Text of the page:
As part of a trend that even very recently would have been unthinkable, increasingly many doctors are suggesting complementary and alternative medicine (CAM) therapies to their patients.
Although traditionally skeptical of CAM, doctors are now more willing to prescribe meditation, massage and acupuncture for the relief of a range of health problems, according to the Chicago Tribune.
In fact, practitioners such as Dr Ali Keshavarzian increasingly straddle both worlds as they realize that conventional medicine does not always have all the answers.
"CAM is looking at a patient as a human being, rather than a disease," said Keshavarzian, a gastroenterologist at Rush University Medical Center, as quoted by the newspaper. Although still a believer in "Western" medicine, he suggests relaxation techniques when he suspects that stress may be a factor or acupuncture for pain.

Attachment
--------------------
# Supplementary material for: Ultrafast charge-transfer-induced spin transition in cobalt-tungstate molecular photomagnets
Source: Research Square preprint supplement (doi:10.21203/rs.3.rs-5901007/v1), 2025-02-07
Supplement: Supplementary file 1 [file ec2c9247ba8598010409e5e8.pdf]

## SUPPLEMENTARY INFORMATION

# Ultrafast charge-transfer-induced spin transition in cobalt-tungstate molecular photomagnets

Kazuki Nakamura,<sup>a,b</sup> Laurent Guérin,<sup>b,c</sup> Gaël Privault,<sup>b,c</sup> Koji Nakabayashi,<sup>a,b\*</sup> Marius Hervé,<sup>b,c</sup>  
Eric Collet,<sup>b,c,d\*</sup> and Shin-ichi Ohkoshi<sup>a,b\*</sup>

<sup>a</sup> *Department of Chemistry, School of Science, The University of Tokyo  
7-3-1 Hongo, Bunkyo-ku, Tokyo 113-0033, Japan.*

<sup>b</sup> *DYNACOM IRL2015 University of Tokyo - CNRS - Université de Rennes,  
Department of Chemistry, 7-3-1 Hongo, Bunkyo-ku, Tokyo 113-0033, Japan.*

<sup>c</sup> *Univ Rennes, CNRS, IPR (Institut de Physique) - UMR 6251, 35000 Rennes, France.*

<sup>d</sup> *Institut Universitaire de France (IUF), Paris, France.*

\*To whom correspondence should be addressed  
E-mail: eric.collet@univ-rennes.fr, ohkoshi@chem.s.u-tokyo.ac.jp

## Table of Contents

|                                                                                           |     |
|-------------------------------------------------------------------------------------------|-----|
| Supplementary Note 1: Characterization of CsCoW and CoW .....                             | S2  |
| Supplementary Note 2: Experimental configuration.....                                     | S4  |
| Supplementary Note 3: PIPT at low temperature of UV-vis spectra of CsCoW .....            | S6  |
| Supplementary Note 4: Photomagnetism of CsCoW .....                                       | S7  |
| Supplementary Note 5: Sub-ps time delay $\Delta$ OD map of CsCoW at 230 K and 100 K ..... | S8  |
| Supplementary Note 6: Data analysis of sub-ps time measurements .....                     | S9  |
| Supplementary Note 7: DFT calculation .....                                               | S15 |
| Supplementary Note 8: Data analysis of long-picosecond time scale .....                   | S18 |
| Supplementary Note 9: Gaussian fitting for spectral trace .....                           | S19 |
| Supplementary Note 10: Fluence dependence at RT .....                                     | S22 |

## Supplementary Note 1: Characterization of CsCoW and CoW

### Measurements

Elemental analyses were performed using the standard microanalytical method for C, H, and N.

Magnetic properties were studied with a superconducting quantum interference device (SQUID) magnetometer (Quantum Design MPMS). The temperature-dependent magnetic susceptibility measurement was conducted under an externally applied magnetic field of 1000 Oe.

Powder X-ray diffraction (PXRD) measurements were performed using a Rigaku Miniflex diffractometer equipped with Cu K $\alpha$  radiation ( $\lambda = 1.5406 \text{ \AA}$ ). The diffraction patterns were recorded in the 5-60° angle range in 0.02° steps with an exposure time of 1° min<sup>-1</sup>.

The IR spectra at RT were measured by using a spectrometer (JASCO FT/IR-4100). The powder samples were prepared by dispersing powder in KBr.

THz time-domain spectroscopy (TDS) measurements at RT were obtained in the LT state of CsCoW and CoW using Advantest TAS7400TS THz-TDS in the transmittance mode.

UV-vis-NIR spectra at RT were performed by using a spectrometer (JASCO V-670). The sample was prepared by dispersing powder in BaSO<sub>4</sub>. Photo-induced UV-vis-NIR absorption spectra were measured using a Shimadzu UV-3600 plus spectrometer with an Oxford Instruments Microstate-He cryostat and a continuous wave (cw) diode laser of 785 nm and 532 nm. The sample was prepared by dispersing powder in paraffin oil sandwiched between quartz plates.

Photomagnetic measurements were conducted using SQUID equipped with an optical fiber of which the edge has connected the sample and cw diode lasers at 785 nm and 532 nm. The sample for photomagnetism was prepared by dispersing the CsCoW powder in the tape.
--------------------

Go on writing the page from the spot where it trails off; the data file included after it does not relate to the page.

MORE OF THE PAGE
In an interesting development, medical schools have started teaching integrative practices. The Consortium of Academic Health Centers for Integrative Medicine, a group that includes Duke University, Harvard and Northwestern, has grown from eight to 43 members since 1999.
This trend reflects the fact that alternative medicine is increasingly popular among ordinary Americans.
According to a joint survey by the National Institutes of Health and the Centers for Disease Control, 40 percent of adults and 10 percent of children sought alternative medicine help for a range of health problems – such as chronic back pain – in 2007.